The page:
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Pearl Classification

Before your price a pearl, you should know, for example, if it's saltwater (from the oceans, see, gulf or bay) or if it's freshwater (form a river, lake or pond) good saltwater peals. For example, south Sea and Japanese Akoya can cost several times more than freshwater pearls of similar quality and size. One of the reasons for this is that one mussel in a lake can produce as many as forty freshwater pearls in one harvest. An oyster in the sea typically produces one or sometimes two saltwater pearls at a time. It should be noted, however, that some strands of large round pink freshwater pearls have retailed for over $1000. Natural pearls are more valuable than cultured pearls for their rarity.

Whole pearls are much more valued than blister pearls - those which grow attached to the inner surface of a mollusk shell and three-quarter pearls - whole pearl that have been ground or sawed on one side, usually to remove blemishes. Mabe pearls are made from blister pearls by removing the interior, filling it with a paste and covering it with a mother o pearl backing. These assembled pearls offer a big look at low price, but they're not as durable as the assembled pearls, which are higher priced.

By oyster's species, origin, shape and color, Pearls are further classified into the categories below:

1. Nature pearls - pearls are grown in wild oyster in nature.

2. Cultured pearls - pearls are made by nature with the help of man.

3. Freshwater pearls - pearls are found in mussels or oysters in rivers, lakes or ponds and tend to be more irregular in shape and more varied in color than pearls found in saltwater oysters.

4. Saltwater pearls - come from oysters in oceans, seas, gulfs, bays and salt lakes. The best-known example is the Akoya pearls.

5. Oriental Pearls - Natural saltwater pearls found in sea-water pearl oysters called the wing shell in West Asia Area, e.g. in the Red Sea, the Persian Gulf or the Gulf of Mannar off the west coast of Sri Lanka.

6. Akoya Pearls - Cultured saltwater pearls from the Akoya oyster (Pinctada fucata martensii), although called Japanese pearls, they can also be found in oysters outside Japan.

7. South Sea Pearls - Used sometimes as a general term signifying any saltwater pearl found in the large Pinctada maxima oyster in the area extending from the Philippines and Indonesia down to Australia and across to French Polynesia, as well as China south sea

8. Black Pearls - Natural dark color (not dyed) from the black-lip (Pinctada margaritifera) oyster in the Western to Central Pacific Ocean or from the La Paz pearl oyster (Pinctada mazatlanica) or rainbow-lipped oyster (Pteria sterna) in the Eastern Pacific between Baja California and Peru. Some people use the term "black pearl" to refer to any dark colored pearl, dyed cultured pearl or natural color pearl.

9. Tahiti pearls - pearls produced in Pinctada margaritifera (most commonly known as the black lipped oyster) in the lagoons of Tuamotu and Gambier in French Polynesia.

10. Biwa Pearls - Freshwater pearls cultivated in Lake Biwa, Japan's largest lake. They have been noted for high quality, but their production has come to a standstill Because of pollution of Lake Biwa .

11. Kasumiga' Pearls, also been generically called Kasumi pearls, named after Lake Kasumigara, north of Tokyo, where they are cultured in Hyriopsis schlegehi x Hyriopsis cumingii hybrid mussels. These nucleated freshwater pearls range in size from 11-16 mm and in color from purple to pink to white to gold. they are only available in limited quantities.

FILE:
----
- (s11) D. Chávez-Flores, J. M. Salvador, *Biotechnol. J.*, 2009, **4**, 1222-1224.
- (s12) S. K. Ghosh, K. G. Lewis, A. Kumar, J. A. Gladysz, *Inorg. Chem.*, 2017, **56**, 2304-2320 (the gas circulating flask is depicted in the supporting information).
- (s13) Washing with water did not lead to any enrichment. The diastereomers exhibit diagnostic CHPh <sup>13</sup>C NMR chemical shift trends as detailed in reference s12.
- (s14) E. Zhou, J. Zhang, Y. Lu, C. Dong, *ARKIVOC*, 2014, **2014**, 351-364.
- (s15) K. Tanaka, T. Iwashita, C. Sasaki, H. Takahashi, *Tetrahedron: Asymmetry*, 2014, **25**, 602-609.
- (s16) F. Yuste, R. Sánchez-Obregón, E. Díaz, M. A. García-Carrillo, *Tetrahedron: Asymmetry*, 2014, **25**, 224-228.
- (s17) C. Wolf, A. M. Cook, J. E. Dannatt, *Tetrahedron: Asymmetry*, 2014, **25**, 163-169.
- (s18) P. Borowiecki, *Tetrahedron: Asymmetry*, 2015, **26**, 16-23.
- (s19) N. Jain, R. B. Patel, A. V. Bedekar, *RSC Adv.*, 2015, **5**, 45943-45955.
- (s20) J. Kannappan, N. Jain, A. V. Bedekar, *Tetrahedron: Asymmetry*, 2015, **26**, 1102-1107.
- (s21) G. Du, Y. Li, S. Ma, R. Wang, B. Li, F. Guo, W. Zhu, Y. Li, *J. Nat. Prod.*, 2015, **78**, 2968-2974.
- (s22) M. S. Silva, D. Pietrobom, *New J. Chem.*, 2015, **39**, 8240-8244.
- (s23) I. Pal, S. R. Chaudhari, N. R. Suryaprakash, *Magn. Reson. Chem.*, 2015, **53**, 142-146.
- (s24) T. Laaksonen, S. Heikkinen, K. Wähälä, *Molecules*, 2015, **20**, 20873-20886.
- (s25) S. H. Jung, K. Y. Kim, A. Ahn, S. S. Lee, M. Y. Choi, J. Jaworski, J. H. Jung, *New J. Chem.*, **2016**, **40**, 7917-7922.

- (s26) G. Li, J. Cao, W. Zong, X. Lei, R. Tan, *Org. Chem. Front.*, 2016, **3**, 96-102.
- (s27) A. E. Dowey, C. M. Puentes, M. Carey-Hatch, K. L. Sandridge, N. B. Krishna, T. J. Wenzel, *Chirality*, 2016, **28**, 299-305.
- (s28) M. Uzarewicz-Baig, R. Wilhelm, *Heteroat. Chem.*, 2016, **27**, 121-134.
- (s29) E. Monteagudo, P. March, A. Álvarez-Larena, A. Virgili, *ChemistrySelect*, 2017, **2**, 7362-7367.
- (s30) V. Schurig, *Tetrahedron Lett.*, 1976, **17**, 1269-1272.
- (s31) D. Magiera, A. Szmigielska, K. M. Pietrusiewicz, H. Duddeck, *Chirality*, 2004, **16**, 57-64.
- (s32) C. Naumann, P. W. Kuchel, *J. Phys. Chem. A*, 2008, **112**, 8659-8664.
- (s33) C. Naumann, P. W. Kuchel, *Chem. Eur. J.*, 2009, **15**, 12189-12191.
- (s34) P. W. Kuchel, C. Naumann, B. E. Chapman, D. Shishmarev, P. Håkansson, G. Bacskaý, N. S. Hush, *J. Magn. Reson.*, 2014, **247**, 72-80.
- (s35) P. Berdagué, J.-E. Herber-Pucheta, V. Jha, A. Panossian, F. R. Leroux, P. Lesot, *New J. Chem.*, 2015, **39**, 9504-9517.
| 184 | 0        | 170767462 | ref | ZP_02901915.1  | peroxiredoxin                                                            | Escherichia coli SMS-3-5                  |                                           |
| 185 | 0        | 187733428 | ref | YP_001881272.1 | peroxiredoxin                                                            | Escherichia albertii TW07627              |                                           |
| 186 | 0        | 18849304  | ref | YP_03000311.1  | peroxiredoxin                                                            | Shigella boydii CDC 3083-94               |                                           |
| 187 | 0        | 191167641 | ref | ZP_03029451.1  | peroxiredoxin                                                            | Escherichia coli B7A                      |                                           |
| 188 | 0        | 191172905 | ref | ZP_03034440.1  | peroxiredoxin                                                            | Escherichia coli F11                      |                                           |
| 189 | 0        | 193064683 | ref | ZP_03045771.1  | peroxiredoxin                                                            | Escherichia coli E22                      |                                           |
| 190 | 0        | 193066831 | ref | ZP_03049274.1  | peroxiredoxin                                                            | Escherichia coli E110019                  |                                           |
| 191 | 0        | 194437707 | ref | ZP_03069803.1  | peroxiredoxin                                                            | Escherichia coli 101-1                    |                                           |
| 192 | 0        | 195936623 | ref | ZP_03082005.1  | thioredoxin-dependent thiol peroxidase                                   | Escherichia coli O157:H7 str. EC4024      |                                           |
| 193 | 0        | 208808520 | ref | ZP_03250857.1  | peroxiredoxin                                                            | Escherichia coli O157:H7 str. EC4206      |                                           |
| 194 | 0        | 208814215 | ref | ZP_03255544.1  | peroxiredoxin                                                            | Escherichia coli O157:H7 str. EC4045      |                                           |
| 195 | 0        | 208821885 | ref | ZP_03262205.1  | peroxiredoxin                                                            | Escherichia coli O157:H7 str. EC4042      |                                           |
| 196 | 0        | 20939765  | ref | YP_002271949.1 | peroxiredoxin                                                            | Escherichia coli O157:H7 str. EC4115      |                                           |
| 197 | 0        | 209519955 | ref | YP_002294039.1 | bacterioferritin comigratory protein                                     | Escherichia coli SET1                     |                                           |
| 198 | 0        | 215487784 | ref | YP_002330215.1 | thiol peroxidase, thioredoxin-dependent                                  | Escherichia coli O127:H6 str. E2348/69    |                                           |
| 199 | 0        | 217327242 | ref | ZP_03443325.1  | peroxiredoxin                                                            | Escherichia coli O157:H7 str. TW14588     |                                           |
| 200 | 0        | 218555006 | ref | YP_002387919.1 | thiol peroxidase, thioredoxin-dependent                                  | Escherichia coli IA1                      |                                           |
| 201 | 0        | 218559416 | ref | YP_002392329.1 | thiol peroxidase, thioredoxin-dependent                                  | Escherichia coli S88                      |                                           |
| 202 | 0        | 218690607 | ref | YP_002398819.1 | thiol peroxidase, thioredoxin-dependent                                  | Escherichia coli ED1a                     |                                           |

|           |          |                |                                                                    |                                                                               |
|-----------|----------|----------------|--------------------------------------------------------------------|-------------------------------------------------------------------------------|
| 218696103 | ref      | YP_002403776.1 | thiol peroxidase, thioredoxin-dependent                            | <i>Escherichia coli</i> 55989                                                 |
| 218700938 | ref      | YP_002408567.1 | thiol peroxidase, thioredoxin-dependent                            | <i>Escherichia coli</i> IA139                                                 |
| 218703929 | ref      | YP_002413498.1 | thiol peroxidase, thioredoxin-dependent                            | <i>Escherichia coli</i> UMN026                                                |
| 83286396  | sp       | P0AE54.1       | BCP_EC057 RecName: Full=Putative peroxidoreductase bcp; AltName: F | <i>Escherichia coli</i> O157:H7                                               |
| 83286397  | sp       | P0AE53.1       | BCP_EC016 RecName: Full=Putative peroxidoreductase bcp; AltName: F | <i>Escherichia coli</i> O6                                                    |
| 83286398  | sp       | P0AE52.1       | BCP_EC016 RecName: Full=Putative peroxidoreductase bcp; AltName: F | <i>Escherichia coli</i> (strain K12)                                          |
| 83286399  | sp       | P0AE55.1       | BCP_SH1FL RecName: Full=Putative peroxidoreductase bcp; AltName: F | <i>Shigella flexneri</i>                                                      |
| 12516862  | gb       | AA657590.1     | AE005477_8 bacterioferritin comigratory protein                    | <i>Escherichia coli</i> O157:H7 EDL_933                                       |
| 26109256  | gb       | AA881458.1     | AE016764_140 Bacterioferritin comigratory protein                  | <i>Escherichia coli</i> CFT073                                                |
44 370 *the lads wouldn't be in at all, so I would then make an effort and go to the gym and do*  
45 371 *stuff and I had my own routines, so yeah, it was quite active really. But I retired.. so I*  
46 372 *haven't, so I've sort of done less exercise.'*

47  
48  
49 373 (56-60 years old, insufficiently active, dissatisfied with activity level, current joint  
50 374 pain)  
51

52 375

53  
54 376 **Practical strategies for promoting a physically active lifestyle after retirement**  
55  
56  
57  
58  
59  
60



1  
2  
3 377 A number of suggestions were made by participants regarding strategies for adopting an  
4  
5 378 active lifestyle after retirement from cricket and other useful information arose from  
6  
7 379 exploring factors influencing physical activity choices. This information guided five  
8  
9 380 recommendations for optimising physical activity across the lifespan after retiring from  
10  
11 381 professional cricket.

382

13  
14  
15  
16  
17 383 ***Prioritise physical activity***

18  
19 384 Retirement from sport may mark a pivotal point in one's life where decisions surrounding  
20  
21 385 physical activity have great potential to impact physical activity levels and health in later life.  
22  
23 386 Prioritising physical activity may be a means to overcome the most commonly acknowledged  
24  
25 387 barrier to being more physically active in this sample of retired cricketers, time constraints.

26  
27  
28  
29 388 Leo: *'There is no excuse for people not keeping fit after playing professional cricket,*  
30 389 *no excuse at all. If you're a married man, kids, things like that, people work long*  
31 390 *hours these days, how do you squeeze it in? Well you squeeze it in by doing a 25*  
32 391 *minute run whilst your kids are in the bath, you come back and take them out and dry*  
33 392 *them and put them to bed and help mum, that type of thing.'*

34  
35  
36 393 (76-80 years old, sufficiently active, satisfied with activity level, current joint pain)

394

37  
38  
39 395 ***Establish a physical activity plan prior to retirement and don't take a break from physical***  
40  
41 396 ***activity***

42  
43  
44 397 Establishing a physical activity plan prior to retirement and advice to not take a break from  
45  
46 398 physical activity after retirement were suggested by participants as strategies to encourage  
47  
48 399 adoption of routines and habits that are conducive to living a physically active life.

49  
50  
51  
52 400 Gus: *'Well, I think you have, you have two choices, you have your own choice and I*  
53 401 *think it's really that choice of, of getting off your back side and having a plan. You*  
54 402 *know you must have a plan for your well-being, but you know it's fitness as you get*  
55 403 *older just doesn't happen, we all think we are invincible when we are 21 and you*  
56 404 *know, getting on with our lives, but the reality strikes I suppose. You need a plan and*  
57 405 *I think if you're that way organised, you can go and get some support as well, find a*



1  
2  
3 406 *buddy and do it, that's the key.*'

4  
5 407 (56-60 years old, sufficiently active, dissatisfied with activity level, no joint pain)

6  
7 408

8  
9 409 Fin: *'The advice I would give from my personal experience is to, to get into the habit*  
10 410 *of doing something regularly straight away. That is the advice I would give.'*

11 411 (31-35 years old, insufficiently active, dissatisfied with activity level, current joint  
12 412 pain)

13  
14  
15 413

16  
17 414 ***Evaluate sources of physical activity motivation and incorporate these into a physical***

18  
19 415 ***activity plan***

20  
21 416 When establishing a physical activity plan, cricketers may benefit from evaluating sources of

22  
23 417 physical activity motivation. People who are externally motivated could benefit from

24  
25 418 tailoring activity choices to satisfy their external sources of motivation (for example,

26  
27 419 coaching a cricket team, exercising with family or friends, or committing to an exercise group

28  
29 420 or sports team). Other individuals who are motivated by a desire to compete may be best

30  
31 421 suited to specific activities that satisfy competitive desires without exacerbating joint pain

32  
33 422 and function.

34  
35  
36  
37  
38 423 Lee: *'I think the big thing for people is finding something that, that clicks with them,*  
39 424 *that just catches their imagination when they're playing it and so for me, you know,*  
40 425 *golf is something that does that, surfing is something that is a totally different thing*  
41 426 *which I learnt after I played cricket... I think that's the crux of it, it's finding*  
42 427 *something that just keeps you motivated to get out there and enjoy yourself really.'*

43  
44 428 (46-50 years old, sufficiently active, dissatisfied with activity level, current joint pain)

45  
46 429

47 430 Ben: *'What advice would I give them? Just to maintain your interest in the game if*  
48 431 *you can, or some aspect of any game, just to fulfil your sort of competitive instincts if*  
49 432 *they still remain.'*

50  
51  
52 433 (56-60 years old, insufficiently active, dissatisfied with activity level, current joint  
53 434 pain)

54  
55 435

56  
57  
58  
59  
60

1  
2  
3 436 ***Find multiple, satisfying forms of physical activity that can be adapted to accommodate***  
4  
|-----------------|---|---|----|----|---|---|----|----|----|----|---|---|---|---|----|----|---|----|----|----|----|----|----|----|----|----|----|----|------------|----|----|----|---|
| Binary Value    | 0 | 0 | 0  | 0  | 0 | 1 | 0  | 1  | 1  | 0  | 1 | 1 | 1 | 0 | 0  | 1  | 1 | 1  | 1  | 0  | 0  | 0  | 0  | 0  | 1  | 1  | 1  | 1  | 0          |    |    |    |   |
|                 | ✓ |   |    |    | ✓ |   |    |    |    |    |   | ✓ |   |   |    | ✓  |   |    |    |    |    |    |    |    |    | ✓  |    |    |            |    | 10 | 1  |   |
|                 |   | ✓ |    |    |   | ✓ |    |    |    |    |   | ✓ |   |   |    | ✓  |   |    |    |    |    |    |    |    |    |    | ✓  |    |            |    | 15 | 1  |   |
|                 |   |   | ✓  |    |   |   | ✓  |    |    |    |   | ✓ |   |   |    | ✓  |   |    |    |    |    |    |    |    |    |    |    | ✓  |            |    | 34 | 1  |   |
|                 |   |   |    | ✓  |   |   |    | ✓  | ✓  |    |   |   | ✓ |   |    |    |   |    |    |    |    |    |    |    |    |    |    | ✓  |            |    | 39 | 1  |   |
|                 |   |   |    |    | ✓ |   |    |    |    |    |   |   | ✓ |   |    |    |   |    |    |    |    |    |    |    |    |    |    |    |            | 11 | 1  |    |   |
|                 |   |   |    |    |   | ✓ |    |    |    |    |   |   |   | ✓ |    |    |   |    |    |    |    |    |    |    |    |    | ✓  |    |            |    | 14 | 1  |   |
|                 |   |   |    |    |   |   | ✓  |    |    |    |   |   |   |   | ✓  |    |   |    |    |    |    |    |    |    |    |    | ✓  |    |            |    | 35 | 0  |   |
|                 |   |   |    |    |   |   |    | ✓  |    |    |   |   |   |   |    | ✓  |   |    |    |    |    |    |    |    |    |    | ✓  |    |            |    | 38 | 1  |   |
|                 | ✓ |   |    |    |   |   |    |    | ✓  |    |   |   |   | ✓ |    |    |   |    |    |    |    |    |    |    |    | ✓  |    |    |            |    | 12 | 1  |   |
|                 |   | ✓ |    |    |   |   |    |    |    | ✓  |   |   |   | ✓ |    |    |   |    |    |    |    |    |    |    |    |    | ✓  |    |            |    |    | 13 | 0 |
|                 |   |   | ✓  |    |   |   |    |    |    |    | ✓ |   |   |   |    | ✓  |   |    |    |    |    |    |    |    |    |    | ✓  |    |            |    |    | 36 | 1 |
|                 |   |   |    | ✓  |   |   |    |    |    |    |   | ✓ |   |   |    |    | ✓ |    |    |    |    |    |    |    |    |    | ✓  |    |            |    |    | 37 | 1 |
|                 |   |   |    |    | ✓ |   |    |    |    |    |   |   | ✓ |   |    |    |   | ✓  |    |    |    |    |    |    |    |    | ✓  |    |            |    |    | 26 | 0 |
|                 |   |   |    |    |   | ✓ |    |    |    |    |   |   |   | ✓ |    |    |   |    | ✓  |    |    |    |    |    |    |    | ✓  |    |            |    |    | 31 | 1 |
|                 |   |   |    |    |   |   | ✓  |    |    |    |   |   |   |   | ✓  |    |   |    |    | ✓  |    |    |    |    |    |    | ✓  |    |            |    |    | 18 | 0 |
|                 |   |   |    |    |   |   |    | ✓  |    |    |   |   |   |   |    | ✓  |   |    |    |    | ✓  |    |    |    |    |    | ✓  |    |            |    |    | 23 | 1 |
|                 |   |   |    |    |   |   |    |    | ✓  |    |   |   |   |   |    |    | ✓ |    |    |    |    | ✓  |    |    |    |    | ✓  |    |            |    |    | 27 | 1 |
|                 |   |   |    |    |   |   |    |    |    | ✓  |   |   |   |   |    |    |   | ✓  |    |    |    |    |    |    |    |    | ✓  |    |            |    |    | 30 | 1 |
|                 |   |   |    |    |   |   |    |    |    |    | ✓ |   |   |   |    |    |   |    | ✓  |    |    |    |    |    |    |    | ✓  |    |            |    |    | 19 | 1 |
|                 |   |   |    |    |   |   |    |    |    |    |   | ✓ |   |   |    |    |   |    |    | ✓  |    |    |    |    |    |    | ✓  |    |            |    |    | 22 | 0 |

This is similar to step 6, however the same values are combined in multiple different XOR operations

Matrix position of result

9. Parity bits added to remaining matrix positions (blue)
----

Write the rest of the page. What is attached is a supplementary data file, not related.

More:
12. Blue Pearls - Dark-colored pearls found in oysters such as the Akoya or silver-lip oysters. The color is due to foreign contaminants in the nacre or between the nacre and shell bead nucleus unlike black pearls whose color is an inherent characteristic of the pearl nacre.

13. Half Pearls - "Whole pearls that have been ground or sawed on one side, usually to remove blemishes" (as defined in The GIA Jeweler's Manual). If the sawed pearl looks too large to be a half pearl, it's called a three-quarter pearl. Half and three-quarter pearls are priced lower than whole pearls of the same shape and quality. Button- and acorn-shape South-Sea pearls have a flattened side which can make them look like a half or three-quarter pearls when mounted. The term "half pearl" is sometimes used to refer to blister pearls.

14. Blister Pearls - Natural or cultured pearls that grow attached to the inner surface of the oyster or mussel shell. When cut from the shell, one side is left flat with no pearly coating. (Some people apply the term "blister" only to natural pearls of this type. Tennessee is a major source of cultured solid blister pearls from American. Blister pearls are various in shapes and their nacre is thicker than that of mabe pearls, making them more durable.

15. Mabe Pearls - Assembled cultured blister pearls (pronounced MAH-bay). The blister pearl is cultured by gluing against the inside of the shell a half-bead nucleus (often of plastic or soapstone). Most large mabe assembled pearls come from the silver-lip or black-lip oysters, but technically the term "mabe" should only refer to pearls cultivated in mabe oysters (Pteria penguin).

16. "Mabe Blister - An informal term used by some Pearls" dealers to designate mabe pearls with a rim, making them resemble a fried egg.

17. "Rainbow pearls" - A trade name for pearls from the Western winged (rainbow-lipped) pearl oyster (Pteria sterna), which is noted for its high luster and rainbow-like colors.

18. Keshi - A general term used by pearl traders for pearls that grow accidentally in the soft tissue or the adductor muscle of cultured pearl-bearing mollusks.

19. Seed Pearls - Small, natural pearls which measure about two millimeters or less. They usually weigh less than 0.06 carat.

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